Volume 26/number 28 June 10/17, 2013
by Jim Armstrong
Steve was standing in his Arizona flooring store when a man walked in holding a letter.
“My neighbor said I should come and see you,” the man said, handing the letter to Steve. Steve recognized it as one of the direct mail pieces he sent out the week before. “You sent this to my neighbor, and when he found out I was planning to have tile installed in my house, he brought this over to me and said ‘You’ve gotta go see Steve.’”
The letter was not your typical flooring ad; I know because I wrote it. It was four pages, crammed with text in 11-point font, and had neither photos nor any mention of flooring products. Yet the advertisement generated an 11-1 return on investment, Steve later told me.
To make the situation even more remarkable, the letter was not sent to the customer himself, but to his neighbor. “When was the last time you got a piece of ‘junk mail’ from a business, and were so excited about it you walked it over to your neighbor and told him he just had to contact the company in the ad?” Steve asked me.
That’s the power of compelling marketing. Conventional advertising wisdom says that you can’t sell flooring with a four-page letter without photos or description of products; that you need lots of color and graphics; that you shouldn’t be too wordy; that you need lots of white space.
Hogwash. Hundreds of savvy floor dealers have proven differently by using the direct response marketing strategies I teach. What you need is marketing that doesn’t bore prospects but instead grabs their attention, develops interest, heightens desire and compels them to take action. But as I’ve said before, too many flooring ads and websites are about as compelling as a fist full of Sleepeze. (See my last column “The Cardinal Sin Of Marketing” for why this is the case.)
So what are the elements that compose a compelling marketing piece? Here are some of the most important points:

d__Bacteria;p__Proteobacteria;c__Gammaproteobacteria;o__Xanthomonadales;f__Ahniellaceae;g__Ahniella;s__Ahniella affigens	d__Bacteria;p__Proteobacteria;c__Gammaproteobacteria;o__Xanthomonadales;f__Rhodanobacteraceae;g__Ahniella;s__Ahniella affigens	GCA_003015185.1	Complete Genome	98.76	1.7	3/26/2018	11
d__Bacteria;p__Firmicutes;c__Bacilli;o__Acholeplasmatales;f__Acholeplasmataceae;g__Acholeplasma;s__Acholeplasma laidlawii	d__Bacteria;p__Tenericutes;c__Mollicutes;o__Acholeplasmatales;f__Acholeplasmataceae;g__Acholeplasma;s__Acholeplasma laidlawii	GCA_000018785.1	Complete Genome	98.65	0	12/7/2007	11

Benefits, benefits, benefits
Everyone’s favorite radio station is W.I.I.F.M: What’s In It For Me? Your business name, your slogan, or how many years you’ve been in business are not considered benefits to your prospects. Your ads need to educate on the actual, real, demonstrable benefits of buying from you vs. your competitors. Note: “Cheap price” doesn’t count as a benefit because almost everyone says it, it requires no sales or marketing imagination, and it attracts pesky, hard-to-eradicate critters (also known as “price shoppers”) to your store.
What others say about you is 100 times more effective than what you say about yourself, even if you are 100 times more eloquent.
Unique Selling Proposition
Most floor dealers use universal selling propositions, such as “Number One In Customer Satisfaction,” “Free Estimates,” “Guaranteed Lowest Price,” and “How Boring Can We Be And Still Stay In Business?” A good USP focuses like a laser beam on a specific, concrete benefit that is unique to your business, or is at least perceived as unique by your prospects.
In your ads, write similarly to how you talk. Use conversational language that relates to your prospect, and sounds like a real, live human being. Don’t use advertise-ese: “Our goal at Boring Flooring is to provide our customers with superior floors and stellar service as we strive to make the world a better place one floor at a time….” Your prospects don’t talk that way, so you shouldn’t, either.
In my next column I’ll reveal strategies for commanding premium prices in any market. Stay tuned!